Today, Sudeley is one of a few castles left in England that is still used as a residence, but it is also a popular visitor attraction.
The castle, including the Chapel and the Tithe Barn was originally built in 1442, by Ralph Boteler with the riches he had earned fighting in the Hundred Year’s War. In 1469 King Edward VI of England took the castle from Ralph Boteler and gave it to his brother, the Duke of Gloucester, who later became Richard III of England. Richard used the castle during the Battle of Tewkesbury, but later exchanged Sudeley for Richmond Castle, which consequently made Sudeley the property of the crown. When Richard died at the Battle of Bosworth, Henry VII inherited the castle and he gave it to his uncle, the Duke of Bedford.
When King Henry VIII took over the throne the property again became the property of the crown. When Henry VIII died, the castle fell into the hands of his son, Edward VI, who presented it to his uncle, Thomas Seymour. In 1547 Thomas Seymour married Henry VIII’s widow, Queen Catherine Parr. Catherine Parr gave birth to their daughter, Mary Seymour on 30 August 1548, but tragically died one week later. In 1728 Catherine’s grave was discovered after the grounds had been obliterated by the English Civil War. She was later buried again and a memorial tomb was erected in 1817.
At the end of the Civil War, on the orders of Oliver Cromwell the castle remained neglected and derelict for nearly 200 years, before it was rescued in 1837 by wealthy businessmen; John and William Dent. Their nephew, John Coucher-Dent inherited the castle in 1855 and it was his wife, Emma Brocklehurst who was instrumental in the restoration of the former glory of the castle.
The grounds of Sudeley Castle contains nine world-famous gardens. The main garden is called the Queens’ Garden and is so named because four English Queens; Anne Boleyn, Catherine Parr, Lady Jane Grey and Elizabeth I, all spent considerable time in the garden. Close to St Mary’s Chapel lies the White Garden which is surrounded by an enormous variety of roses. It is within the White Garden where Catherine Parr is entombed. The pattern of the Knot Garden is said to be based on a dress pattern worn by Queen Elizabeth I, which is also shown in a portrait which hangs in the castle. The Knot Garden comprises of a geometric pattern of 1,200 box hedges, and has a Moorish fountain at the centre. Other gardens in the grounds include the garden in which the Tithe Barn is situated, the Secret Garden, the Mulberry Garden and the Herb Garden Walk. Presently the gardens are maintained by a dedicated team and Sudeley’s ethic is to manage the gardens in a manner that sustains the habitat for the insects and wildlife in the area.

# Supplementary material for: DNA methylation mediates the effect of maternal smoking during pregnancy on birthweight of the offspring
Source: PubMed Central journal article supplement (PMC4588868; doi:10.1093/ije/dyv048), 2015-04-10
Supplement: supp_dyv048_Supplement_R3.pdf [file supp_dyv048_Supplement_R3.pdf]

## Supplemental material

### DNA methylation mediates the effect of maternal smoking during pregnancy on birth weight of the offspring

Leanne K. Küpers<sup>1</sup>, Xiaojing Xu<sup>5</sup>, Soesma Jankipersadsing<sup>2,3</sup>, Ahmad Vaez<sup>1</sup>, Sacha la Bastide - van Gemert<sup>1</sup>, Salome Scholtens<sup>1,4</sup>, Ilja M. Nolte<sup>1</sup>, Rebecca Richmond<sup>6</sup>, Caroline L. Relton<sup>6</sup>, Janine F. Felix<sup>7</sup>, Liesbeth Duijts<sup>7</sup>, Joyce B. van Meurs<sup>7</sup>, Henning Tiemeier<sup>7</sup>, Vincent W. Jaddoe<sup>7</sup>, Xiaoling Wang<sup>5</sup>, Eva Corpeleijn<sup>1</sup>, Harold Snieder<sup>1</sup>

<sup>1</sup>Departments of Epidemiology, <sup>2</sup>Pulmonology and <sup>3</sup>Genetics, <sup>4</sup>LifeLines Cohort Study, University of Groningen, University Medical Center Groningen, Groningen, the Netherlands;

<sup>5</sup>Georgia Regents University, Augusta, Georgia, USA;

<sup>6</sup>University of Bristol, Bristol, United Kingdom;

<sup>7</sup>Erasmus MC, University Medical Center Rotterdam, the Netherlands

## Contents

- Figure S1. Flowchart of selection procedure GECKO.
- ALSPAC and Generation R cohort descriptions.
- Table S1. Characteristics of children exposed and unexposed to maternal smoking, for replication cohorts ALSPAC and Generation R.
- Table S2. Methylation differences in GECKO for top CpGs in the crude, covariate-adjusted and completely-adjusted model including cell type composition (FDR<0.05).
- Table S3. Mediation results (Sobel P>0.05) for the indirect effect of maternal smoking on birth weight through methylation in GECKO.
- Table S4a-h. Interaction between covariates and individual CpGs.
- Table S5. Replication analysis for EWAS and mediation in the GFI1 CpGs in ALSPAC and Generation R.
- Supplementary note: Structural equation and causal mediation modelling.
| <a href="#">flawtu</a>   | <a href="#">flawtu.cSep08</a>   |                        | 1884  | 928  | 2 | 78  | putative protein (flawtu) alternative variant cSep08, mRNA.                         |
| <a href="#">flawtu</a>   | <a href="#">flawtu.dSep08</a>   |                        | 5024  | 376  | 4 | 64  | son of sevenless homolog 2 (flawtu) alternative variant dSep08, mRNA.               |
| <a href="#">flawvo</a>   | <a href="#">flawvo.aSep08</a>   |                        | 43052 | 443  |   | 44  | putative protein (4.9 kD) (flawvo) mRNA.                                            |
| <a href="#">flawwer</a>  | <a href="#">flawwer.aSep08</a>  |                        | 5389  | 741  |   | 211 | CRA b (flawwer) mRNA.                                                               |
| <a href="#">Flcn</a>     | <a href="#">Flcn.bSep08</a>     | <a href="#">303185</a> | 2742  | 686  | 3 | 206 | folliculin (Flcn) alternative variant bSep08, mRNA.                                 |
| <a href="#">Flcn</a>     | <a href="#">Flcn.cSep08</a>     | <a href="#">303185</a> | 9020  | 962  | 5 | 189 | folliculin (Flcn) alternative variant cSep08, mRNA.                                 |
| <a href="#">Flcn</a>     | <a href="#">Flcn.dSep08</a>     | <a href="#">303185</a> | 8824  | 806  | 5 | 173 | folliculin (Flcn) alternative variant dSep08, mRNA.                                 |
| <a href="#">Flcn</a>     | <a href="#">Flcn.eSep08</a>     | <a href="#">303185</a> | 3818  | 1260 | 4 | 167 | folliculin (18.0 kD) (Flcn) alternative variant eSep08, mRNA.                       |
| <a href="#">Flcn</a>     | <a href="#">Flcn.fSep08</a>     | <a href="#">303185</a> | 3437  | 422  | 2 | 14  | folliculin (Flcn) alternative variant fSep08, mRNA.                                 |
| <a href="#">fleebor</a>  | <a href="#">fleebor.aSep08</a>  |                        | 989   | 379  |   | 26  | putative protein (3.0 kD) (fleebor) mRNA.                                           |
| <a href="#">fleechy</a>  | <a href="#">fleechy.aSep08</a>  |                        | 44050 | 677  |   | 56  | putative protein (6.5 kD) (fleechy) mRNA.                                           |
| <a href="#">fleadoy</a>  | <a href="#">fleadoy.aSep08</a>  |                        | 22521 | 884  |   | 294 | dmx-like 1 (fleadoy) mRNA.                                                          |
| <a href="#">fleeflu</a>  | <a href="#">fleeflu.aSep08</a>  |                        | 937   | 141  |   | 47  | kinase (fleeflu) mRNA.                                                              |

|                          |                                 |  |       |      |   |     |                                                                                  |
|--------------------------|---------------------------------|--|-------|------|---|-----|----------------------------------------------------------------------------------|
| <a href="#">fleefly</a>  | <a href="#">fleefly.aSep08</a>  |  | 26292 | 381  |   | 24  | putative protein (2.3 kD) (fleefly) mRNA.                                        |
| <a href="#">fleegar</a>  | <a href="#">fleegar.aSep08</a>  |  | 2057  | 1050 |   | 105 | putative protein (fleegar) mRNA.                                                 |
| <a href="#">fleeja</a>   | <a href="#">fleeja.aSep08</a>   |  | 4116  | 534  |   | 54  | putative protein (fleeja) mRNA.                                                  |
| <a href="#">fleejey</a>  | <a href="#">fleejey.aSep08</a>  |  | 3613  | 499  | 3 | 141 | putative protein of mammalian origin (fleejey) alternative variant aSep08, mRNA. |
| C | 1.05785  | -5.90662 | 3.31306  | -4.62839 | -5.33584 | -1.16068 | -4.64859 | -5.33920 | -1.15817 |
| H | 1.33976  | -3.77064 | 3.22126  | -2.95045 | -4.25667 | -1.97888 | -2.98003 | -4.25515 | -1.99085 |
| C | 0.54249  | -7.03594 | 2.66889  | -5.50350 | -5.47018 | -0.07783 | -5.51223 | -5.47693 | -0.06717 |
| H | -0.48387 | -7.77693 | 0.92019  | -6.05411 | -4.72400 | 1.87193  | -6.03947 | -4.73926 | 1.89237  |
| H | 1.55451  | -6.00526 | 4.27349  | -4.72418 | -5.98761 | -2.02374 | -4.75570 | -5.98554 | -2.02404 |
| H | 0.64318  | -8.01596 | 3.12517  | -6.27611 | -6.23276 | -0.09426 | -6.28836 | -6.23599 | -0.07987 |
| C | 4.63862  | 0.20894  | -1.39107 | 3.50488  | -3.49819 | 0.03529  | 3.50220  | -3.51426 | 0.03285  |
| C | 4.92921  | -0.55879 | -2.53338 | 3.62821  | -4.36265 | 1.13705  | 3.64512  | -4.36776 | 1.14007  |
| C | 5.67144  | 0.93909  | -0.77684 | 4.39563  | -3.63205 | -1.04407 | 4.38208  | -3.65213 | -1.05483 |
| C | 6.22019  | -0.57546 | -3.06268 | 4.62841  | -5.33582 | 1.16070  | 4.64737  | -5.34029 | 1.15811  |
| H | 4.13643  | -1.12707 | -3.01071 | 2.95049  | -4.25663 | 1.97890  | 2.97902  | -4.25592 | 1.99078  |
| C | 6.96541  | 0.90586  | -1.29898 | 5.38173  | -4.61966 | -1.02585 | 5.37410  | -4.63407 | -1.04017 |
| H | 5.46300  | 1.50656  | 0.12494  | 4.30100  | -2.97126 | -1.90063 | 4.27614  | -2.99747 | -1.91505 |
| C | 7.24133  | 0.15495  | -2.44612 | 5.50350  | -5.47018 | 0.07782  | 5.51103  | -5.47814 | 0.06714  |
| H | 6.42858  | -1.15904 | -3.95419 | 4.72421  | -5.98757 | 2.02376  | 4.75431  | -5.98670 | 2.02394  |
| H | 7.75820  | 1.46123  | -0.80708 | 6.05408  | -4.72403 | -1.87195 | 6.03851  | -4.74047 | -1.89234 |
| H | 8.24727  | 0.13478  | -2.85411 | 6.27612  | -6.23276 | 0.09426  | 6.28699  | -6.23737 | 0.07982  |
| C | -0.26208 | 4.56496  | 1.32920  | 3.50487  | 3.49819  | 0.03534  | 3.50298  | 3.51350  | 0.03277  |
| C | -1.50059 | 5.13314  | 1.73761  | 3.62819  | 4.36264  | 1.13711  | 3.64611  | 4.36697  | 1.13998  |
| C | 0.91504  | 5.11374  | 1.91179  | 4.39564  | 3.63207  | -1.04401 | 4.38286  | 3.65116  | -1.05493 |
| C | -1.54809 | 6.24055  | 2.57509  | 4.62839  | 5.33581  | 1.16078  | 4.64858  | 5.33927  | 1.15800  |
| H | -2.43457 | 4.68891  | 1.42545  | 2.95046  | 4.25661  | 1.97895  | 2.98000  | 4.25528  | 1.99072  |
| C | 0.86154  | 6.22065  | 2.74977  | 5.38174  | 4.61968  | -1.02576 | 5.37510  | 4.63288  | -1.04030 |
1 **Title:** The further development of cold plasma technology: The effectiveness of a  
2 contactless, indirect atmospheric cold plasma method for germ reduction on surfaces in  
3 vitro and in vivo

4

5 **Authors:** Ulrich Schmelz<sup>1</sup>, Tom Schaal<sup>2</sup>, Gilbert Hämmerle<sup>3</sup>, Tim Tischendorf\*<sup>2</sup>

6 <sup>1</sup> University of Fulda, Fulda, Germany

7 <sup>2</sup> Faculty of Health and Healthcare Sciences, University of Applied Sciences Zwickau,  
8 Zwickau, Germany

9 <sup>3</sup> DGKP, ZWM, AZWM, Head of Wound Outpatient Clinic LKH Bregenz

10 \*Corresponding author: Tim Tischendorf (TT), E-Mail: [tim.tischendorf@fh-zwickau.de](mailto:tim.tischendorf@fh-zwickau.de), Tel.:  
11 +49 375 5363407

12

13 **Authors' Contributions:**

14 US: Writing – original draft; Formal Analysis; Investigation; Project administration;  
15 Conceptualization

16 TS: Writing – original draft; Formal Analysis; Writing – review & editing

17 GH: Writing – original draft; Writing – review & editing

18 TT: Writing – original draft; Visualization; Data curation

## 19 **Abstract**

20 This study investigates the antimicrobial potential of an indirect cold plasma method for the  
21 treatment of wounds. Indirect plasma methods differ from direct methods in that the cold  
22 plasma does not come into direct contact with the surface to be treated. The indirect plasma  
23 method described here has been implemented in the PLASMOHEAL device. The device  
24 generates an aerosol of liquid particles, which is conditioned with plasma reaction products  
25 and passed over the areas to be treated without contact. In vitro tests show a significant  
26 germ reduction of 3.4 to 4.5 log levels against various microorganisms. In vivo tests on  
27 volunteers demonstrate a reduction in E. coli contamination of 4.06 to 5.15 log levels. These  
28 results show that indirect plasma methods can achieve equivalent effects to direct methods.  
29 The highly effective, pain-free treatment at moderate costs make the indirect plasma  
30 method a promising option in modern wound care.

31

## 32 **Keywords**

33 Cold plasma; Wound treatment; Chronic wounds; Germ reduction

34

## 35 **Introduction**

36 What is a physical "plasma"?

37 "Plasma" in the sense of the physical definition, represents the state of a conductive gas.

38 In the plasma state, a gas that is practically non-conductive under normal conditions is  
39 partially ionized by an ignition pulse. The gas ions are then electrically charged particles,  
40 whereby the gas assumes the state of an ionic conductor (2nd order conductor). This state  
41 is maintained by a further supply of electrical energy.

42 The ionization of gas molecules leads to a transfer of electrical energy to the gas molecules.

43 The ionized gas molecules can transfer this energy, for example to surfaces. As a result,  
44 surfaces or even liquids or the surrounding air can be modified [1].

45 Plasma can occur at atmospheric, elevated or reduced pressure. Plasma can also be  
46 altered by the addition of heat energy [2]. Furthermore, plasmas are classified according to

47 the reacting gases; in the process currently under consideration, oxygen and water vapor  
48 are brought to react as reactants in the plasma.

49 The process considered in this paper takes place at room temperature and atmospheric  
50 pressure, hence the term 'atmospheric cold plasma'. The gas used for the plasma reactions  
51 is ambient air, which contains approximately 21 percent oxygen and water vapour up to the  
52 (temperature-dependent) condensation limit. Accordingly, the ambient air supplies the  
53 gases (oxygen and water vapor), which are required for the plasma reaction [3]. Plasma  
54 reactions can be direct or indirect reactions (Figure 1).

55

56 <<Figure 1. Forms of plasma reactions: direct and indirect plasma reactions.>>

At present Sudeley Castle is owned by Lady Elizabeth Ashcombe and her two children; Henry and Mollie Dent-Brocklehurst, who currently live in the Castle with their families and manage the castle as a visitor attraction. The castle and the gardens are open daily from 10am to 5pm.
The castle currently contains three permanent exhibitions. The ‘Threads of Time’ exhibition features a range of textiles made using techniques spanning 400 years. The ‘20 Treasures of Sudeley’ exhibition contains a grand collection of art and antiques that have been collected throughout the castle’s history. The Catherine Parr Exhibition showcases copies of original books written by Catherine Parr, who was the first queen to have work published professionally.
In February 2012 the remains of the body of Richard III were found in a car park in Leicester, and in April 2014 the castle was one of seven venues across the UK to host the official 3D facial reconstruction of Richard III. A permanent Richard III exhibition can be found within the castle.
The castle hosts regular events including talks from historians, family fun days, music performances and book signings. The castle is also available for weddings and corporate events and Sudeley Castle Cottages can be hired for family holidays.